By Rebecca Ibarra and Lore Croghan
They made their chalk talk back.
Fed up with wolf whistles and creepy come-ons from strangers, a group of Bedford-Stuyvesant women answered their tormentors last week by scrawling scolding messages on Fulton Park’s pavement with bright-colored chalk.
A pair of community organizers who’ve decided to take on the men who talk fresh or get grabby with women on Brooklyn streets threw the chalk party to draw attention to their campaign.
“I think sometimes the issue of street harassment gets reduced to catcalling,” said Anthonine Pierre, a founder of the Brooklyn Movement Center, a Bed-Stuy community group.
“But it is so much broader than someone yelling, ‘Hey baby’ down the street.”
Overly friendly comments can escalate into situations that feel life-threatening in the blink of an eye, she said — as women who have been followed, pushed, spat on or circled by men know all too well.
Fellow organizer Marly Pierre-Louis, a former aide to Manhattan Borough President Scott Stringer, joined dozens of women and girls in writing, “I am not your mami” and “Don’t ask me to smile” on the pathways of the Fulton St. park.
“It’s so creepy when you’re walking down the street and some random guy asks you to smile just because you’re walking with a serious face,” said Ashlee Perez, 16, who checked out the slogans with friend Narrissa Miguel, 15.
The pervy problem of street harassment has spawned advocacy groups like Boerum Hill-based Hollaback!, which has a phone app for posting photos and descriptions of unwanted encounters with rude dudes.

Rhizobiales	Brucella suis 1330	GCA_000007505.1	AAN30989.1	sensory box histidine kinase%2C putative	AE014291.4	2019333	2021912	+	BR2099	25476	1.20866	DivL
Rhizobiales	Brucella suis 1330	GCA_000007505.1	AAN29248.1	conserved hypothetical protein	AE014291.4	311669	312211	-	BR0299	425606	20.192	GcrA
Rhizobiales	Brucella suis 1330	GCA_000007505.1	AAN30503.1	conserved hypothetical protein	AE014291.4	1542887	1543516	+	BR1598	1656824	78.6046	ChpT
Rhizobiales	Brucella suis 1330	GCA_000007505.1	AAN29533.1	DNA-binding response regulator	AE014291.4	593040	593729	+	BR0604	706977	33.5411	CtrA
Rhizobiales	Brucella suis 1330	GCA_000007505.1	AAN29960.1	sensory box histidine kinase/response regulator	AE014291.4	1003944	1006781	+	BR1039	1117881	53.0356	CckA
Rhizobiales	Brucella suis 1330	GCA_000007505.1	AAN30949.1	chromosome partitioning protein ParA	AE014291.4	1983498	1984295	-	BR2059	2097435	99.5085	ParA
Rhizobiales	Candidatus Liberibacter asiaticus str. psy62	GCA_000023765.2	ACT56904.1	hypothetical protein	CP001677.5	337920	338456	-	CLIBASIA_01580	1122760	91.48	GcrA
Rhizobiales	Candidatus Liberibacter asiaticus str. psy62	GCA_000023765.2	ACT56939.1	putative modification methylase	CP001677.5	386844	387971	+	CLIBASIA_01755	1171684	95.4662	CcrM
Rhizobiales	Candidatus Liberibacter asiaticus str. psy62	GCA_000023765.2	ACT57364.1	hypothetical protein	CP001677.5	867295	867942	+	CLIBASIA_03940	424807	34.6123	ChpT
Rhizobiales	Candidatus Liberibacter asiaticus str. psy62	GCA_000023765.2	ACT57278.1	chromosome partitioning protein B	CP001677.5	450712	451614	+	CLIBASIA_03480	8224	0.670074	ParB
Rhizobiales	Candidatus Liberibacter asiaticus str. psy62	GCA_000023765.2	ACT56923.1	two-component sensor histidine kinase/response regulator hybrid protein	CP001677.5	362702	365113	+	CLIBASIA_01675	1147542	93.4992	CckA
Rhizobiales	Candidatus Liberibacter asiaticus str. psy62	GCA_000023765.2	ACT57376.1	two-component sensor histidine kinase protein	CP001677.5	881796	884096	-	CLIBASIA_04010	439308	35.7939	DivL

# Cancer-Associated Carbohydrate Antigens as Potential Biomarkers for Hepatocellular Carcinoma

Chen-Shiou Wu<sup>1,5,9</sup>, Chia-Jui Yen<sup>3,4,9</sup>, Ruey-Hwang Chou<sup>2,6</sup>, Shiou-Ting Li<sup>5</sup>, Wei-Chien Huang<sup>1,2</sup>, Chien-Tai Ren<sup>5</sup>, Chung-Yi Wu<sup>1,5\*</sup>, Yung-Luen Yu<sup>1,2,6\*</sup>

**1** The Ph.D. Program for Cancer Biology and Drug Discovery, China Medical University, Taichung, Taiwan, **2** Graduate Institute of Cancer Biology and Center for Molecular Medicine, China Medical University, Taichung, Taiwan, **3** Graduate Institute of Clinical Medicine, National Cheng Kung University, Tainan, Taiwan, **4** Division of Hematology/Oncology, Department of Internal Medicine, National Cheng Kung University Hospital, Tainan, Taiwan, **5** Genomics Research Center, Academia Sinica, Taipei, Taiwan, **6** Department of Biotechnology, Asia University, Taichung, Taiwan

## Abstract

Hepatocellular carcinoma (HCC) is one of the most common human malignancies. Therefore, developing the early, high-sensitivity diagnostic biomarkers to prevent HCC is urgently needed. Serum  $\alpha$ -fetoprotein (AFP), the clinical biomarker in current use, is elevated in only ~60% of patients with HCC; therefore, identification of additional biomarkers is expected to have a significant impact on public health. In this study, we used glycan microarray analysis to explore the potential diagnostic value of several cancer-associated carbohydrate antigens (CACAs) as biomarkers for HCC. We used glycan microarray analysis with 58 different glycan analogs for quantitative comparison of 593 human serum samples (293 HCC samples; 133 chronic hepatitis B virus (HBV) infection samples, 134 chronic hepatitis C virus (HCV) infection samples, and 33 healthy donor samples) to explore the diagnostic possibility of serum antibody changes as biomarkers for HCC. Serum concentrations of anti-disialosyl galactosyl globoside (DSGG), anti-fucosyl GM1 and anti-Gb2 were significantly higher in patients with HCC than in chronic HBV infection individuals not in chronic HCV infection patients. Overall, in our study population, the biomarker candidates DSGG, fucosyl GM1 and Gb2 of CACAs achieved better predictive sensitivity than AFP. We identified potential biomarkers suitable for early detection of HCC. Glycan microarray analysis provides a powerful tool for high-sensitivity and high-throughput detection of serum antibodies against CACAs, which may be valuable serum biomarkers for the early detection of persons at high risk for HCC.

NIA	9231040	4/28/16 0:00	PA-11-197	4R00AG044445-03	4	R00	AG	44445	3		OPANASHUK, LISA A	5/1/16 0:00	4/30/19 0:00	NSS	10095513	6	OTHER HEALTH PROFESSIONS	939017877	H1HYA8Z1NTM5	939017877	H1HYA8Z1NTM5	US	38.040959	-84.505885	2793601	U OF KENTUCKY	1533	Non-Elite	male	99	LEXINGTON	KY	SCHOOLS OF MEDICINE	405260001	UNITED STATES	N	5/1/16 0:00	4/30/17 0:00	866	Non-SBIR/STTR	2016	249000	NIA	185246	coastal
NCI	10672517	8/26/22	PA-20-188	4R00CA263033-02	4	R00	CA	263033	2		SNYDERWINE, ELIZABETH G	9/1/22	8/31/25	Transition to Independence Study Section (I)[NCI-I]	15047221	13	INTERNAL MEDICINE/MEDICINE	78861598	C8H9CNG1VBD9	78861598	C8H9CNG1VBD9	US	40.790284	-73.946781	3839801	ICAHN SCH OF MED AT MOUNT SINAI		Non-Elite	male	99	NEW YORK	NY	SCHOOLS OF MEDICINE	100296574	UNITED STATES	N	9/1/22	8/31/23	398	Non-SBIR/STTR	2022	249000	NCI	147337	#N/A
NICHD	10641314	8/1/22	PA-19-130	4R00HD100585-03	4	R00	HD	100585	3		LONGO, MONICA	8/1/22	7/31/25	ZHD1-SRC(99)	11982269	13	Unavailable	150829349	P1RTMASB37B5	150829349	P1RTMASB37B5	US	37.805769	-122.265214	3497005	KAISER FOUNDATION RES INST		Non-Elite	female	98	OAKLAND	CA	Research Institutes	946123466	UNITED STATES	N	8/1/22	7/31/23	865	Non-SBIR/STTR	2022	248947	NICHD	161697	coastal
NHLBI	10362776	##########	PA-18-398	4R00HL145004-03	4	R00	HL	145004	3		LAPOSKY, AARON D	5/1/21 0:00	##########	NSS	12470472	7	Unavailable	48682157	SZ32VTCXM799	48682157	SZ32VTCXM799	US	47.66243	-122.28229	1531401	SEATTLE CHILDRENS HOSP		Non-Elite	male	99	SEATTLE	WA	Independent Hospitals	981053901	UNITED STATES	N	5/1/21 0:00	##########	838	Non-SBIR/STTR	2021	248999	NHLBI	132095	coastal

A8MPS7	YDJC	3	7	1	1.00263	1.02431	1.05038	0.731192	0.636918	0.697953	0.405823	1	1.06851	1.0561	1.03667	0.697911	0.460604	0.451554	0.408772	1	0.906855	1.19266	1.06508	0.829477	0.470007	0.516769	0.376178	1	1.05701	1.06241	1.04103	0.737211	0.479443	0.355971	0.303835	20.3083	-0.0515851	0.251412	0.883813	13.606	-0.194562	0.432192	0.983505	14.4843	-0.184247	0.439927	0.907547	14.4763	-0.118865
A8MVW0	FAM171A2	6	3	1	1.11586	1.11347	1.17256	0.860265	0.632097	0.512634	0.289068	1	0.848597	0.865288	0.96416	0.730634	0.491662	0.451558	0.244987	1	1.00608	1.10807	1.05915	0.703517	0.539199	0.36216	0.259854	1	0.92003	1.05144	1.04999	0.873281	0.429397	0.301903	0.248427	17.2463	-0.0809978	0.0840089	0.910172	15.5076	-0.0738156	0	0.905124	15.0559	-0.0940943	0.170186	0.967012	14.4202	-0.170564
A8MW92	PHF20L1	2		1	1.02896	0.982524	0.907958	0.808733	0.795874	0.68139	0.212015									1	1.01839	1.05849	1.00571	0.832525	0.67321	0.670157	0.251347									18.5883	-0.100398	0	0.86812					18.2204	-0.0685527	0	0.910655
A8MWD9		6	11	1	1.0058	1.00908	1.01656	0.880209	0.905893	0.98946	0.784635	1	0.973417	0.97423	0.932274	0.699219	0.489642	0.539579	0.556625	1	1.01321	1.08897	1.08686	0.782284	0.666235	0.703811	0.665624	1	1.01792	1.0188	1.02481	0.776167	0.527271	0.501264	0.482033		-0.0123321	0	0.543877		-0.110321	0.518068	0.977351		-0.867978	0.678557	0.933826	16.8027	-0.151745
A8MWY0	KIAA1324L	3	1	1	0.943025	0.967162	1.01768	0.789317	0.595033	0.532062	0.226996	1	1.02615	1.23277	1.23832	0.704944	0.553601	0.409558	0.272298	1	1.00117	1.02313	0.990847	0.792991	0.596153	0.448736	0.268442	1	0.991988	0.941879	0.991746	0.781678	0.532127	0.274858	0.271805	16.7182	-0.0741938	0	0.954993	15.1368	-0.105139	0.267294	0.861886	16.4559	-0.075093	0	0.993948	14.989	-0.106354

International Anti-Street Harassment Week, which Brooklyn Movement Center’s chalk party was part of, drew participants from 19 countries from Poland to Peru.
Fulton Park is a real hotspot for harassment, neighborhood women said.
“Around here, you get it a lot,” said Tahira Huff, 20, who was followed home a few weeks ago by a man who kept firing off lewd comments and haranguing her to respond.
“I felt scared,” she said. “I had to call my dad and get him to meet me at the door.”
Some men joined the chalk party to say they were supportive of the women and posed for pictures next to a signboard that read, “I am an ally.”
“Speaking up is important,” said Brian Stanley, 32, who was looking after his 6-year-old daughter. “These men are encouraged by women not responding and by men not admonishing their behavior.”
But a few male party crashers dished out vulgar comments, which angered the organizers.
“We told them to stop,” Pierre said. “It was a harassment-free zone.”
This article was originally published on nycdailynews.com.